Lebanon's choice

It is perhaps understandable that the Lebanese government would want to project defiance of Israel - yet everyone knows where that path will lead.

Saniora 224.88 ap (photo credit: AP [file])
Saniora 224.88 ap
(photo credit: AP [file])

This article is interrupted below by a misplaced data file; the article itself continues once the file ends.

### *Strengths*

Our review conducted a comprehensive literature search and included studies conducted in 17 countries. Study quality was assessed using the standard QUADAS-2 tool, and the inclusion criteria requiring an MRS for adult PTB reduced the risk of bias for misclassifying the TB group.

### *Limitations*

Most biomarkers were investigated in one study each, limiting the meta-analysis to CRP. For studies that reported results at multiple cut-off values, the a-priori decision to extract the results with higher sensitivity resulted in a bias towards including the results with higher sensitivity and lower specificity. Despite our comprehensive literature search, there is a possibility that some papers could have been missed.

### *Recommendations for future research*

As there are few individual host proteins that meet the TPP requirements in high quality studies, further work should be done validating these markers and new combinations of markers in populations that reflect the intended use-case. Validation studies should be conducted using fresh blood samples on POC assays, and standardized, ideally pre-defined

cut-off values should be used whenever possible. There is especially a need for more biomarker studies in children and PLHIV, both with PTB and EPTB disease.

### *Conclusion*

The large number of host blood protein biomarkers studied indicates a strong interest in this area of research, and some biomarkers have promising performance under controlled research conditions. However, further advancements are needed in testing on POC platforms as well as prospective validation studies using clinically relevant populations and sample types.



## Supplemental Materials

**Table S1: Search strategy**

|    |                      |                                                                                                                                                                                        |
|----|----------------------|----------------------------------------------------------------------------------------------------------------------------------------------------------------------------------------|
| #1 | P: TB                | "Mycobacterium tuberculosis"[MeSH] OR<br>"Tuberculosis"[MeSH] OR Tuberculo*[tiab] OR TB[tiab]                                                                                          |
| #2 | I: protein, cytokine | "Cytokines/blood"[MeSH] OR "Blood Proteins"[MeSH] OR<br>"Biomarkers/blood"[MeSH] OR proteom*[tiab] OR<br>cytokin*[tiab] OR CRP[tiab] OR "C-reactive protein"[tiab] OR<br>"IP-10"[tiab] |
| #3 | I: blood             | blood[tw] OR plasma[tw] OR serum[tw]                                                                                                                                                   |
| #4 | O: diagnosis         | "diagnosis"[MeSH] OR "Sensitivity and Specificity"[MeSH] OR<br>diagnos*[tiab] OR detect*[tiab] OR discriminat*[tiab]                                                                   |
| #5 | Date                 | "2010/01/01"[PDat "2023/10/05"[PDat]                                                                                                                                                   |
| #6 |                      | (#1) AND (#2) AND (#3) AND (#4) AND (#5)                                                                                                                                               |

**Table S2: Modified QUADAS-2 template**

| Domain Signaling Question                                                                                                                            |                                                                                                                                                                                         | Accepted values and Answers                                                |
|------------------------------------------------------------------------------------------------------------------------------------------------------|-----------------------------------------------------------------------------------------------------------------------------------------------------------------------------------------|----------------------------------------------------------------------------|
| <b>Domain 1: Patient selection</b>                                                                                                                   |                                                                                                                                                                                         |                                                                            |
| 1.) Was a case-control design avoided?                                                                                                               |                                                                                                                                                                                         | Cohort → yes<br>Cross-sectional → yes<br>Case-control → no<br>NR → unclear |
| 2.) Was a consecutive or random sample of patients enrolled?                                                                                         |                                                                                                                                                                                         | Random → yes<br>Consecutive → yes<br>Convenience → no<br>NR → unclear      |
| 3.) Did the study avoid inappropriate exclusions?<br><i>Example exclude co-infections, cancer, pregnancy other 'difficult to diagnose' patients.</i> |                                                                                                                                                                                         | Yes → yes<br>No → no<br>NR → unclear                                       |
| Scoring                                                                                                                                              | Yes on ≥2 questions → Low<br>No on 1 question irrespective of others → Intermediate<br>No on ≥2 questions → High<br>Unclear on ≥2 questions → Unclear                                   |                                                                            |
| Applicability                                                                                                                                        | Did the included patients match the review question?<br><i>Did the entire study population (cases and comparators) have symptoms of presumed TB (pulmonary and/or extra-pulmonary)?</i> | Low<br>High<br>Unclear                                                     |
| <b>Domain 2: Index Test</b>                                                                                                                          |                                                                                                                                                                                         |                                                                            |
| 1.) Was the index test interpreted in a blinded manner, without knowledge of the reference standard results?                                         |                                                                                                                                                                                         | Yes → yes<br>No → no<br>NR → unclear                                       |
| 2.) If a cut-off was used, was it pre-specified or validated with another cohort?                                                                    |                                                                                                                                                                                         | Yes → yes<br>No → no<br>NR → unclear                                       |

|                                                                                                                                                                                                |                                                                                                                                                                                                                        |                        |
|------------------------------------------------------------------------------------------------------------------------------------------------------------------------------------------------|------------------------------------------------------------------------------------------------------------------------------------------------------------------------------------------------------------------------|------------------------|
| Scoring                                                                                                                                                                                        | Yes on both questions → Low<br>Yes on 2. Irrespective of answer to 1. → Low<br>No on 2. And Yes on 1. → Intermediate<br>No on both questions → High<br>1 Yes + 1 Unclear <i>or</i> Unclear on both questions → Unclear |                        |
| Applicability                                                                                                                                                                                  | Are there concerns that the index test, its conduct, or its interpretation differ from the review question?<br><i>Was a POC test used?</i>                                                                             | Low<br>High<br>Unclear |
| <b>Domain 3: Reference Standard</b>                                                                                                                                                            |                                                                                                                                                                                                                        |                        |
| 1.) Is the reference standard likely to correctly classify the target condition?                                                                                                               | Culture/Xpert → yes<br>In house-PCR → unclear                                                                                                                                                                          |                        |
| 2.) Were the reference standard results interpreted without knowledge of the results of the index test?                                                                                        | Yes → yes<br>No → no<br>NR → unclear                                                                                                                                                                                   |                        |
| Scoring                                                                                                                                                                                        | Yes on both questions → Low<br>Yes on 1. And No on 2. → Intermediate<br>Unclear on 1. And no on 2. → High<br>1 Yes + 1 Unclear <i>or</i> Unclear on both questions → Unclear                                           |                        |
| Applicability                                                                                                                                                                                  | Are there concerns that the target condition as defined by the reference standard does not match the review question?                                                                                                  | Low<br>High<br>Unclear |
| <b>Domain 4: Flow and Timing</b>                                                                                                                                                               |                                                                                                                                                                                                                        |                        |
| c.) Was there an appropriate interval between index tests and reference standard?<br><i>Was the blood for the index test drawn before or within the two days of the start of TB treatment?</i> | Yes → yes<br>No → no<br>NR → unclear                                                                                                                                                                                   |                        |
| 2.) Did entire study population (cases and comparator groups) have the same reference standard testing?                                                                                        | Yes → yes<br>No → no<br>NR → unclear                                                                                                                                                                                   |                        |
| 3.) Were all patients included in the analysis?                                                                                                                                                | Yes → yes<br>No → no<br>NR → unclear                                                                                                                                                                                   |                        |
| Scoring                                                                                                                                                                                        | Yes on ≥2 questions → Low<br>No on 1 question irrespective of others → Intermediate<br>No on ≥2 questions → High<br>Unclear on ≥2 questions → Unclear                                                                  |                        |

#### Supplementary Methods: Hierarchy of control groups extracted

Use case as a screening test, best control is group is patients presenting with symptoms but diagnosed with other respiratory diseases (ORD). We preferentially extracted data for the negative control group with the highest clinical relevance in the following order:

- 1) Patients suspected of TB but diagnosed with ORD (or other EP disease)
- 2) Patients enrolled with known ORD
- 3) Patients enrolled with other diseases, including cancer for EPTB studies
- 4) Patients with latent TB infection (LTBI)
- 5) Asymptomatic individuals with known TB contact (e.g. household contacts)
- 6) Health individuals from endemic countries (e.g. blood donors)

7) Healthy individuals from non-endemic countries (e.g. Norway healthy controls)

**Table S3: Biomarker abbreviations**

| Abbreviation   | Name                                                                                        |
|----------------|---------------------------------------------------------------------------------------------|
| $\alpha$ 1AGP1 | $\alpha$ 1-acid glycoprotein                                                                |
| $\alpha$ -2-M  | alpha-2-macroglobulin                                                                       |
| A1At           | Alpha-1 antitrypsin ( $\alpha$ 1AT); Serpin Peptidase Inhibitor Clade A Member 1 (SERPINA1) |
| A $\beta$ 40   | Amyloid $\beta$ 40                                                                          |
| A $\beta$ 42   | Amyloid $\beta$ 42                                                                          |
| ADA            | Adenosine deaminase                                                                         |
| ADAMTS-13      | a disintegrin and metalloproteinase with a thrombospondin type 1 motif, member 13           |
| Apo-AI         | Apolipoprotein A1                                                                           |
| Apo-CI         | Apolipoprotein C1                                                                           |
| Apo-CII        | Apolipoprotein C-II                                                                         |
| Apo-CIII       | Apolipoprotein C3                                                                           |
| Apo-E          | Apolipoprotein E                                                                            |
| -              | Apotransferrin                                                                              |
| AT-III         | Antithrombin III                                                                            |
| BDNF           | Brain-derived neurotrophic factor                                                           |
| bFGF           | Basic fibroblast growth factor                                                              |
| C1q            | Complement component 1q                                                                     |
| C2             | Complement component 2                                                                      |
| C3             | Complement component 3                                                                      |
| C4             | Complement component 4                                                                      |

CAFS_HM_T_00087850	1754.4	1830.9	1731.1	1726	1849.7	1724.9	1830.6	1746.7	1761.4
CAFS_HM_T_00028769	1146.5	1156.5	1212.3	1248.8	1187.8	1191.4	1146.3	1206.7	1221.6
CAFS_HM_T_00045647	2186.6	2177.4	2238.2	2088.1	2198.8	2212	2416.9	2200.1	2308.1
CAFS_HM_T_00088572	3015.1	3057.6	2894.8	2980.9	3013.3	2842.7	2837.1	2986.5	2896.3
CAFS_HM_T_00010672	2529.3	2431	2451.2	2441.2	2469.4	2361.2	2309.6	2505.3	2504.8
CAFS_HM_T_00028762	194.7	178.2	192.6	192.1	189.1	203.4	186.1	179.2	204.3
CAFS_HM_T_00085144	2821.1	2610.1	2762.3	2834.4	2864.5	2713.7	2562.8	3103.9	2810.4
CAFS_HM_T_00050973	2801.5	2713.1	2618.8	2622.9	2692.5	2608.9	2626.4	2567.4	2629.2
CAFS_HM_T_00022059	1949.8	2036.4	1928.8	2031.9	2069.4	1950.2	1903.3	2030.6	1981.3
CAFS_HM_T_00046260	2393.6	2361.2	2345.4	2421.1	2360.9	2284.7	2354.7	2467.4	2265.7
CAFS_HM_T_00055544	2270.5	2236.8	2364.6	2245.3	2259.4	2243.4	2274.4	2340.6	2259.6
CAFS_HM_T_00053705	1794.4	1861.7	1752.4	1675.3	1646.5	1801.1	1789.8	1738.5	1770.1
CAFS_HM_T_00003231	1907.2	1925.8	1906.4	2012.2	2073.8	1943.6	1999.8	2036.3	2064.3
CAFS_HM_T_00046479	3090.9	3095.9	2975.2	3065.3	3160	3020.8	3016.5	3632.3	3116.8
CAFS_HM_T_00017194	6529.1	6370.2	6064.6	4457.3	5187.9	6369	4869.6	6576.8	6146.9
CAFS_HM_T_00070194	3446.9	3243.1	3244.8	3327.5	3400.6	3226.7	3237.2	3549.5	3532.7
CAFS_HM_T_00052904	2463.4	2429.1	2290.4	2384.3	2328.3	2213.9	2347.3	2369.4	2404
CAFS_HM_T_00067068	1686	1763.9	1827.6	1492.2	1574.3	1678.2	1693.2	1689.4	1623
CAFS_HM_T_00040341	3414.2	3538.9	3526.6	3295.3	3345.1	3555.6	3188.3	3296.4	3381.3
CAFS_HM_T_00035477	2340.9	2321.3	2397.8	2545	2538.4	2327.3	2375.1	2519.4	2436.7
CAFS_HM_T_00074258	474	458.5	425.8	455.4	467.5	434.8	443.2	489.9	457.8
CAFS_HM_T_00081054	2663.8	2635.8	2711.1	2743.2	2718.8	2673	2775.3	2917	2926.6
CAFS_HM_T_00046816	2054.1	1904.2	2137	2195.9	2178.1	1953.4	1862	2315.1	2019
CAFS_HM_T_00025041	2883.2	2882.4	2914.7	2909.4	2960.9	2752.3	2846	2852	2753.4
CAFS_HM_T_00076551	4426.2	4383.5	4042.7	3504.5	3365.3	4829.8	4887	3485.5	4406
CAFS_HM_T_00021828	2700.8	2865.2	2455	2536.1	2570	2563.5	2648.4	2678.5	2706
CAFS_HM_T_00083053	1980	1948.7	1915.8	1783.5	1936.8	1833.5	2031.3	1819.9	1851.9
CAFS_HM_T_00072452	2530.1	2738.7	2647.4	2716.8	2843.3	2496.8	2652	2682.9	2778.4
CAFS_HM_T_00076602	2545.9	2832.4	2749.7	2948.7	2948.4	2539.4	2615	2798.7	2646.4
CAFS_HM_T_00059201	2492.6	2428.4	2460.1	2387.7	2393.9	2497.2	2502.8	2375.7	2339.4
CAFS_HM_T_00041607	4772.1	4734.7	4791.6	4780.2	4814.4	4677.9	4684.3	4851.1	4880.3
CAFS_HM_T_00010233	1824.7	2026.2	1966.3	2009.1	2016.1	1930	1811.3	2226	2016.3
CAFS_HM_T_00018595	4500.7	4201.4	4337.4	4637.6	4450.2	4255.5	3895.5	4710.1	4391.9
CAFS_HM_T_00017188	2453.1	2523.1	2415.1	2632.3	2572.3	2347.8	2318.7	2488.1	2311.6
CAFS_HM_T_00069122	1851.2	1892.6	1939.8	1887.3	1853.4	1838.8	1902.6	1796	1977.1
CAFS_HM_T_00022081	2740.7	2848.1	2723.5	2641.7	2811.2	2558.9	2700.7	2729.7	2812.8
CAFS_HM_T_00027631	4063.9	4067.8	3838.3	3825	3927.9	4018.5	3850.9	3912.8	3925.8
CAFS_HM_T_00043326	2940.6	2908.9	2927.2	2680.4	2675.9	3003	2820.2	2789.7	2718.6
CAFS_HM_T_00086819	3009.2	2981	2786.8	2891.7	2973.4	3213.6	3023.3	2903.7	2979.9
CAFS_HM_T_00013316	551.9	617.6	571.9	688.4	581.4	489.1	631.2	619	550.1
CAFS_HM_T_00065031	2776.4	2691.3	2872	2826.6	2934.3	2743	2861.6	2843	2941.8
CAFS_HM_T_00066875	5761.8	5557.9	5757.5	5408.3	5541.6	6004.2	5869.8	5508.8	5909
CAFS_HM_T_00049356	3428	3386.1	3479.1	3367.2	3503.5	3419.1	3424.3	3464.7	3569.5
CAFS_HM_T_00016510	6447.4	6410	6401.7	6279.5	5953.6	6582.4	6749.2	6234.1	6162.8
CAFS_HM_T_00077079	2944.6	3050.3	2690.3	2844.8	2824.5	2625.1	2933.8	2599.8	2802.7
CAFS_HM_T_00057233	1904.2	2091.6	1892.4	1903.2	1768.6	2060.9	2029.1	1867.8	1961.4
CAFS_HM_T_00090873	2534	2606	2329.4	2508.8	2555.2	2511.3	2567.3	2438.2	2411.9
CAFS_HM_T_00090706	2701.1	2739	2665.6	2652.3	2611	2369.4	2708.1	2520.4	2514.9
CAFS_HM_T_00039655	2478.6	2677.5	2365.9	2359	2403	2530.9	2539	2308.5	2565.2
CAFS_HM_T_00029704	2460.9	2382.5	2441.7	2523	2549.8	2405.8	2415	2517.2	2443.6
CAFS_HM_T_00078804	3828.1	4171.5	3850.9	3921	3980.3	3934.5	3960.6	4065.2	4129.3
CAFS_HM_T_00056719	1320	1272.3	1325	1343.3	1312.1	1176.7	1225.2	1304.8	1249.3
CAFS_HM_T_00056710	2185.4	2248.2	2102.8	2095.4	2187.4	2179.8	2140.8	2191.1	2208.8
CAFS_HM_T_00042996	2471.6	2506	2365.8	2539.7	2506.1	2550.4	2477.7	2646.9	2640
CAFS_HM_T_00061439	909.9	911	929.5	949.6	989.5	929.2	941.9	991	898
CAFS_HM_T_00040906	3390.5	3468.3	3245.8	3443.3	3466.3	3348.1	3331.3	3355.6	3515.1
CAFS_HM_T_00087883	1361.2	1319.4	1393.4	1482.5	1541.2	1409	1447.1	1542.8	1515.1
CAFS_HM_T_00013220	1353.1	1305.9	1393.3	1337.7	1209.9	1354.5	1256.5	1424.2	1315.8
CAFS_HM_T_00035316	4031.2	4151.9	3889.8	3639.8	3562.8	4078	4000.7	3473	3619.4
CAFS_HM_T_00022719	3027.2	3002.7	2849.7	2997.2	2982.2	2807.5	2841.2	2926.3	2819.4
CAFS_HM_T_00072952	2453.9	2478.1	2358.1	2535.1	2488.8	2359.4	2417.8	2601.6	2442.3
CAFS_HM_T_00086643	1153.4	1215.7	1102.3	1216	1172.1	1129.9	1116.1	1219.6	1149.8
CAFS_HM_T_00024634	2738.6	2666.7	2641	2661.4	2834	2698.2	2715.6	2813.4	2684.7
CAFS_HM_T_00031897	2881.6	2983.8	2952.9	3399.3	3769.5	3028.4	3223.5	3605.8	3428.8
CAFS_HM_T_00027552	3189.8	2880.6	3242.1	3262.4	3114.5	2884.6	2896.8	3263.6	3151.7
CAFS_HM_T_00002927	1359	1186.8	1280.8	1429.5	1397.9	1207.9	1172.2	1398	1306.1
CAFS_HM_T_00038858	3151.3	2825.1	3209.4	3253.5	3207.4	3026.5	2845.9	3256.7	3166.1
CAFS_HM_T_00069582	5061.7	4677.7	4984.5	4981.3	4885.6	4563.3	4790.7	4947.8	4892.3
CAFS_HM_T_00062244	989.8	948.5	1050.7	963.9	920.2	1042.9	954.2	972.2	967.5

In his speech yesterday to the Knesset, Prime Minister Ehud Olmert said, "The UN Security Council unanimously accepted this historic resolution, which clarifies that there is only Israel and Lebanon. There is no longer a state within a state... And no longer is a terror organization allowed to operate within Lebanon, as the long arm of the axis of evil which reaches out from Teheran to Damascus, uses Lebanon's weakness and transforms it, its citizens and its infrastructure, into a tool for its war." This may be an accurate description of this fleeting moment, a moment in which the IDF is still sitting in southern Lebanon. Yet it is more a description of a possibility than of reality or a certainty. Whether this possibility envisioned by the Security Council, fought for by Israel, and prayed for by many Lebanese patriots who wish to live in peace and independence, will become reality depends on how many different actors behave now. The most important actor, despite its perceived weakness, is Lebanon itself. "Lebanon will be, I think, the last state to sign a peace treaty with Israel," Lebanese ambassador to the United Nations Nouhad Mahmoud said after the cease-fire resolution passed. He also said that Lebanon would not disarm Hizbullah by force. It is perhaps understandable that the Lebanese government would want to project defiance of Israel, and even of the UN mandates that it has officially accepted. Yet everyone knows where that path will lead. The question is whether that is where the Lebanese people and government want to go. The reason for Lebanon to choose a different path has nothing to do with love for Israel. As an editorial yesterday in Lebanon's Daily Star, which hardly minces words in its attacks on Israel, put it: "Lebanon has a rare opportunity to strengthen its army as it extends control over Lebanese territory. Israel's wanton destruction of Lebanon has made a very strong case to the Lebanese people for the need to have a creative and viable defense strategy. The best strategy would be one where Hizbullah's arms and expertise were institutionalized within the Lebanese Army." Incorporating Hizbullah into Lebanon's army would seem to be a risky strategy for Lebanon, but the principle - that the government should, like any normal government, have a monopoly of and control over the use of force - is a sound one. Lebanese leaders should keep asking themselves and their public a simple question: why should Hizbullah remain armed? If it is to fight Israel, then why should Hizbullah and not the Lebanese government decide when and how to do so? And if it is not to fight Israel, but to represent Iranian interests and impose its will by force within Lebanese politics, how does this square with Lebanon's hard-won independence? It is claimed that hundreds of thousands of people who carried out the "Cedar Revolution" against Syria used to be similarly opposed to Hizbullah's remaining armed, but that this war brought many of these people into Hizbullah's camp. This too may be understandable at a time when Israel is fighting a war against Hizbullah on Lebanese soil. But just as Israelis are now examining their own decisions and blind spots accumulated over the last few years, Lebanon's political class needs to do some thinking as well. In essence, Israelis and Lebanese should be dedicated to correcting the same mistake: allowing a third party, controlled by foreign countries with the interests of neither of our countries at heart, to start a war between us. Lebanon could, under the pressure of Syria, Iran, and Hizbullah's remaining power, decide that it will neither disarm Hizbullah, nor prevent Hizbullah from rearming to its former strength. Lebanon could continue the path of weakness, victimhood, defiance UN mandates, and - perhaps most psychologically satisfying - defiance of Israel. Maybe, however, what is bad for Israel is not necessarily good for Lebanon. Maybe Lebanon's Shi'ites, for their own sake and the sake of their country, should shake off the yoke of Syria and Iran. The Cedar Revolution proved that the capacity for bravery in the pursuit of freedom and independence exists in Lebanon. The Lebanese must choose between their love for Lebanon and their hatred of Israel. The next war is not inevitable if Lebanon's government and people once again choose to stand up for themselves.